endemic anti-intellectual tendencies have been grievously exacerbated by a new species
of semiconscious anti-rationalism), Jacoby has assembled an erudite mix of personal
anecdotes, cultural history and social commentary to decry America's retreat into junk
thought.
K
The Atheist's Bible: An Illustrious Collection of Irreverent Thoughts
52. By Joan Konner
"If atheism’s going mass you need not just a sacred text but an easily portable one..." -Philadelphia Inquirer "This slim, attractive volume will amuse nonbelievers -- and,
ironically, cause them to spend hours reading about God and religion." -- Boston Globe
What Is Atheism?: A Short Introduction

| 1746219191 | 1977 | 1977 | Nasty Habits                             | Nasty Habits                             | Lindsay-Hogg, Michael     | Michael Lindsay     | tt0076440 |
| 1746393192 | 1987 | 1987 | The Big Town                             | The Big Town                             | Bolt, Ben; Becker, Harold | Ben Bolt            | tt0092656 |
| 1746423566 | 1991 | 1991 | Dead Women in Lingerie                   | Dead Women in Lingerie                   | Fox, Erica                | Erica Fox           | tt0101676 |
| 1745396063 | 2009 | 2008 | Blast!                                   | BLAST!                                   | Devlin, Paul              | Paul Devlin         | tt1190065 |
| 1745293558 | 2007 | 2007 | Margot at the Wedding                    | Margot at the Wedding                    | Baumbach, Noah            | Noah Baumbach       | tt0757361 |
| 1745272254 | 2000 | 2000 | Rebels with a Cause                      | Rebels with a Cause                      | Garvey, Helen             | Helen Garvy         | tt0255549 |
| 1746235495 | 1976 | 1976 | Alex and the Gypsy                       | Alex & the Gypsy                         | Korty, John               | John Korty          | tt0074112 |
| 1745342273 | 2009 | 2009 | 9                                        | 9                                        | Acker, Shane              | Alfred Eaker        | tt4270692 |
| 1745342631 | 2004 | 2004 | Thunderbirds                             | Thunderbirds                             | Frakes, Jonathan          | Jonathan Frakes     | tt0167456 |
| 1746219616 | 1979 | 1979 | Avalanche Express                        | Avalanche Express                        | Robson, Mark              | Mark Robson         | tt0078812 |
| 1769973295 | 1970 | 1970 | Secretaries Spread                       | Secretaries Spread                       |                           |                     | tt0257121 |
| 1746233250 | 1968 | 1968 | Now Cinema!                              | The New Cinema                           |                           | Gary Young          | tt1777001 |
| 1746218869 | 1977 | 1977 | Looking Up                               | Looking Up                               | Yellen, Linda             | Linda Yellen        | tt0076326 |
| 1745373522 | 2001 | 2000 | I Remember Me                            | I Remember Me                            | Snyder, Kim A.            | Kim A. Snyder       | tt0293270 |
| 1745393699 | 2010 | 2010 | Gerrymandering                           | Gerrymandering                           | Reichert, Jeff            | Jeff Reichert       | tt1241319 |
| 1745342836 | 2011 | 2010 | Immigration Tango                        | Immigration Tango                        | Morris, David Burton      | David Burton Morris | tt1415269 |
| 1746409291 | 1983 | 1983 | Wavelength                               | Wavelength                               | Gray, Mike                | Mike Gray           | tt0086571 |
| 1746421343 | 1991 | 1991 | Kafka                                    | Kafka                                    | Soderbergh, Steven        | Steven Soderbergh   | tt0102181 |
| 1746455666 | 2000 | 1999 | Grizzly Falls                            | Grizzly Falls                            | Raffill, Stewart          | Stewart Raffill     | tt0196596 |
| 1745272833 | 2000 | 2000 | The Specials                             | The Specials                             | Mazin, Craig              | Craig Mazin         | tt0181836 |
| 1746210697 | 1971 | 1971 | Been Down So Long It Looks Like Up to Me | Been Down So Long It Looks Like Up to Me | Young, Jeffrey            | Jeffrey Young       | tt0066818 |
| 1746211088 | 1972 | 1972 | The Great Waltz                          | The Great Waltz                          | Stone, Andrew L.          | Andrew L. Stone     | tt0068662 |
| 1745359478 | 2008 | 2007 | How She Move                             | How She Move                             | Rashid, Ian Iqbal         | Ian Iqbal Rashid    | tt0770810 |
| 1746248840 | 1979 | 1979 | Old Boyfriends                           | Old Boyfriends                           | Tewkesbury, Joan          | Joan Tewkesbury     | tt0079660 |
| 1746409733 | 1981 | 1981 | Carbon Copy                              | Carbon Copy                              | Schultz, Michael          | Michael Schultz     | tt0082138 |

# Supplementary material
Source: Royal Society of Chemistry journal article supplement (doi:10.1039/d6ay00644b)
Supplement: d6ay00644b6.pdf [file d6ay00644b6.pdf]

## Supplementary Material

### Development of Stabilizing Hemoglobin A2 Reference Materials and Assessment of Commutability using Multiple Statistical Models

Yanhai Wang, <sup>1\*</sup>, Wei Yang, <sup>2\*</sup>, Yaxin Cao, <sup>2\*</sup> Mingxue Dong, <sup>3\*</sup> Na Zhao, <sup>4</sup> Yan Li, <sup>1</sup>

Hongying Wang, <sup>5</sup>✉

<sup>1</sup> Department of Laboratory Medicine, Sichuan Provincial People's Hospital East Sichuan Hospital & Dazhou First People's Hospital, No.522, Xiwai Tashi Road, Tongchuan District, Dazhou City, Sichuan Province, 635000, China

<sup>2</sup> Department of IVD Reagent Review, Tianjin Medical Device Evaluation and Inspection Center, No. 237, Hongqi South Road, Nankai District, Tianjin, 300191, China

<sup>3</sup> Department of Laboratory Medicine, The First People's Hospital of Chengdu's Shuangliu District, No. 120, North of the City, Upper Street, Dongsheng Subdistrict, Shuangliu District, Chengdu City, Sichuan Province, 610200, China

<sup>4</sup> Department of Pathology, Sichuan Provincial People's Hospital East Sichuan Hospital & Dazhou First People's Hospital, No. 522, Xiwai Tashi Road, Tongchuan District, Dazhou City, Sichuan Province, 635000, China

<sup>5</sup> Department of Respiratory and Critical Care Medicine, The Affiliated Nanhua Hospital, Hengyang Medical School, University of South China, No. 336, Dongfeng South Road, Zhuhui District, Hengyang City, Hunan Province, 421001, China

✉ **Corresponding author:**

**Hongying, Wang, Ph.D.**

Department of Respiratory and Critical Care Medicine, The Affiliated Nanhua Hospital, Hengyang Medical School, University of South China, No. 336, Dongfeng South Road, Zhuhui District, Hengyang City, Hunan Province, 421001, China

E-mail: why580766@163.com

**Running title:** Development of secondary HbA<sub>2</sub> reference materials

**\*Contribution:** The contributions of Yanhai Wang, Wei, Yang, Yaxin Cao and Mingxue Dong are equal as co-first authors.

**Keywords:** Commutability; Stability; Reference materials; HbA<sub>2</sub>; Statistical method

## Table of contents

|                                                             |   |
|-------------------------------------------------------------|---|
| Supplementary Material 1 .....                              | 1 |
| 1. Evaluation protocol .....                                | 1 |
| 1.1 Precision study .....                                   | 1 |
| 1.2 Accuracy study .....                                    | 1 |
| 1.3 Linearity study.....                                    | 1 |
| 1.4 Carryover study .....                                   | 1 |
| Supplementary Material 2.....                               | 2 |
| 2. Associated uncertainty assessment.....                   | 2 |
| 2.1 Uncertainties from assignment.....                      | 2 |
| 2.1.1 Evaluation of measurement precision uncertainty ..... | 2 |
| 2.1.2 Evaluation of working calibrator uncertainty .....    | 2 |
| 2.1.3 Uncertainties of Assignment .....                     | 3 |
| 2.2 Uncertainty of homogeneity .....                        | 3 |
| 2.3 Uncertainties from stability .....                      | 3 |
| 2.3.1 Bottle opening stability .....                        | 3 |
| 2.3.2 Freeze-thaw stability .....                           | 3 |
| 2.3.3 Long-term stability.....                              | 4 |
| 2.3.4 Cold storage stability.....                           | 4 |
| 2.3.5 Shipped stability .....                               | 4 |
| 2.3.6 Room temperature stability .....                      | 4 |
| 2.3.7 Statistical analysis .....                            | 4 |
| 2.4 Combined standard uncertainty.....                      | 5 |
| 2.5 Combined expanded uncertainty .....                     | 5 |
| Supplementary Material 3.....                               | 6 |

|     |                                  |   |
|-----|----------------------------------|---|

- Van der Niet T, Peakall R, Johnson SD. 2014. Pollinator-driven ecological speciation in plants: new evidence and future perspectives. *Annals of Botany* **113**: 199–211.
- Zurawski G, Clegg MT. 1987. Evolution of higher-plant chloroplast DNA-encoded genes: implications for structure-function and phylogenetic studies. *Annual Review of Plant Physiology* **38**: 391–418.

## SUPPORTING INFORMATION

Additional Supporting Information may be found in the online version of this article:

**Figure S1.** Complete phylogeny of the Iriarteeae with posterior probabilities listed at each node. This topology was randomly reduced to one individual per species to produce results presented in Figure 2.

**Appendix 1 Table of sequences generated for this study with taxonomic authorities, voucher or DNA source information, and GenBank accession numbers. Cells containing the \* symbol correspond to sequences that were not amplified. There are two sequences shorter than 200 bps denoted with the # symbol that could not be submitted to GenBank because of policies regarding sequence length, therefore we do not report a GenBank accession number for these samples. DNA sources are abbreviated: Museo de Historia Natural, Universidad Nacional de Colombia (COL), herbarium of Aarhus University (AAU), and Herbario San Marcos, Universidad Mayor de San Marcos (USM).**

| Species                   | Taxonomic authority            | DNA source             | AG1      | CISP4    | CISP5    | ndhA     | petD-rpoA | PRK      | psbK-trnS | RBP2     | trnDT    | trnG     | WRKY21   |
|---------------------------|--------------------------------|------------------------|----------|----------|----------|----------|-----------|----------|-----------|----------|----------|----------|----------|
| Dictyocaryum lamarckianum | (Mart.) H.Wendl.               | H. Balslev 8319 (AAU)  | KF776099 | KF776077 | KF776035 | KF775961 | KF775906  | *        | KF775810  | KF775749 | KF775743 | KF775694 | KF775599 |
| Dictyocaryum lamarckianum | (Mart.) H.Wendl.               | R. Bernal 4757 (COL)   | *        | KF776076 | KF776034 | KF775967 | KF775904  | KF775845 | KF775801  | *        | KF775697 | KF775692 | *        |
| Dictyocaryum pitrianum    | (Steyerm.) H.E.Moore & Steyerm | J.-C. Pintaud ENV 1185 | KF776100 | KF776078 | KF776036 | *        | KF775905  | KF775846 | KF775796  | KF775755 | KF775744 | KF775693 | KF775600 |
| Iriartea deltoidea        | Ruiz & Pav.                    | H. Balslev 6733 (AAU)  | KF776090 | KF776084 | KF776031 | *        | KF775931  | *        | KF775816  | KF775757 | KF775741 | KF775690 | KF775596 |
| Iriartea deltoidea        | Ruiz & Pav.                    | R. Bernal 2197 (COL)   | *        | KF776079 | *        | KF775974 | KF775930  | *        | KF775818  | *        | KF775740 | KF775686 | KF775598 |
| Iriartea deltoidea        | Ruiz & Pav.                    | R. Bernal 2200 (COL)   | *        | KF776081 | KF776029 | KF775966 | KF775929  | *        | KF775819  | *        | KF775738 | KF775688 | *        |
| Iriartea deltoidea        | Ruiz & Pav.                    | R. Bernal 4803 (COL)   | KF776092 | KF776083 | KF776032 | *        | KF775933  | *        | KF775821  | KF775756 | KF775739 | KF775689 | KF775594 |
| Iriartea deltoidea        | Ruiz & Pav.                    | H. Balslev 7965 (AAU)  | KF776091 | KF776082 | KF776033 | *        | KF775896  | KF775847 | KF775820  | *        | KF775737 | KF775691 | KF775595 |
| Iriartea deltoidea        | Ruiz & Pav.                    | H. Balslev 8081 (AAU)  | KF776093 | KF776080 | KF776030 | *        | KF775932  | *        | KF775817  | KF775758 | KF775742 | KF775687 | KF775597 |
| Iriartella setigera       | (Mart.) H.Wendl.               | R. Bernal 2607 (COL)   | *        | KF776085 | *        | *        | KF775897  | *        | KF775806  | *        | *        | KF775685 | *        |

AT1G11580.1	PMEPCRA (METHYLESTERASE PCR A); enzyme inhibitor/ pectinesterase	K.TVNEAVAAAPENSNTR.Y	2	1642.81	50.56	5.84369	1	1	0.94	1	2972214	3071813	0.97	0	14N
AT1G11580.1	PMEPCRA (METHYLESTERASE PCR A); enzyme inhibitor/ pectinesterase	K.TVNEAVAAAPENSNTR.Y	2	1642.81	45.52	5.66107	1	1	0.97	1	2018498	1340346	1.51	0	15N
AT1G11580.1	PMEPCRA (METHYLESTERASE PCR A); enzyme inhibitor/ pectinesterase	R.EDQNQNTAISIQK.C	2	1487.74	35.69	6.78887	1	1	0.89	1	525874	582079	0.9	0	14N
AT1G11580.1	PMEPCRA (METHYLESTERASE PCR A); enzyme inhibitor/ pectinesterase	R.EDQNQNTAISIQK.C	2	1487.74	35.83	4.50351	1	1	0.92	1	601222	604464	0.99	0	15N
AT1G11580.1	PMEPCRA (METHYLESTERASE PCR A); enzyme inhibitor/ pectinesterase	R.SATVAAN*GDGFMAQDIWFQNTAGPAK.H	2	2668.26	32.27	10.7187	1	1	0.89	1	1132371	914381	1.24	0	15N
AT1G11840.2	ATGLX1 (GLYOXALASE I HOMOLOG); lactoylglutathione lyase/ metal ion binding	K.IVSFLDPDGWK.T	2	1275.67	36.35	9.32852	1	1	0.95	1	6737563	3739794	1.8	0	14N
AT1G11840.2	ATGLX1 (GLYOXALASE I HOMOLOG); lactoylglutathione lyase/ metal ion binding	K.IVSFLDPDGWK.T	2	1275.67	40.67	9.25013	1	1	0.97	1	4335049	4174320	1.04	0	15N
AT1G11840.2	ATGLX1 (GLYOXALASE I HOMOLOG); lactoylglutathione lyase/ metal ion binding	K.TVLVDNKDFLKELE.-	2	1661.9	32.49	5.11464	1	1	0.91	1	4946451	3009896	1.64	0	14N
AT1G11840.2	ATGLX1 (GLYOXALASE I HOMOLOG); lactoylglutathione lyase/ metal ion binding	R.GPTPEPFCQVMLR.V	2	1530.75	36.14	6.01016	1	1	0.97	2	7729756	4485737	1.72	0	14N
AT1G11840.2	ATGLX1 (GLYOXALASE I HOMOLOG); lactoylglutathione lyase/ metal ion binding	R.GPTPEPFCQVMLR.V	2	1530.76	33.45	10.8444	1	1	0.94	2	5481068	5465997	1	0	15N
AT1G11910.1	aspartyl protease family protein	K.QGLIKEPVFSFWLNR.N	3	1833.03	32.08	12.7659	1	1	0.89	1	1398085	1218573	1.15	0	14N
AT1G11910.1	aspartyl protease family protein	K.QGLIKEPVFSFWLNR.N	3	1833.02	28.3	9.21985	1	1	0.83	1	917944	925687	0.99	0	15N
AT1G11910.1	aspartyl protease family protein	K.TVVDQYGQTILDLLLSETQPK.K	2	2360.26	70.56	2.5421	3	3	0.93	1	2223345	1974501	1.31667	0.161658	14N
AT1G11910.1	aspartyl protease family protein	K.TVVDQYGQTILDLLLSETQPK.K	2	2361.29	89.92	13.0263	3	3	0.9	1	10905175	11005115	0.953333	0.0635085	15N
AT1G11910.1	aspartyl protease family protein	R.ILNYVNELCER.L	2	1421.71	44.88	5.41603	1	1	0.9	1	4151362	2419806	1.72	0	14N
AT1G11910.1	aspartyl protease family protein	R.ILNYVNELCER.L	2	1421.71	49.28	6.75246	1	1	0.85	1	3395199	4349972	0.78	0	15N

53. By Douglas E. Krueger
Many questions and concerns arise when believers question the purpose and meaning
they suspect is lacking in the lives of nonbelievers. Douglas Krueger contends that
atheism is a powerful alternative to religion, yet it is also one of the most misunderstood
because people harbor preconceived ideas about atheism. This concise introduction to
subject has been designed with the general audience in mind.
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The Bible Unmasked
54. By Joseph Lewis
In taking as my subject for this book the question of the morality, or rather the
immorality of the Bible, I realize at once the importance and delicacy of the subject. This
is true, because what is immoral in one age and time, may at some other time, be
considered moral, and what we to-day may consider moral and acceptable, may at some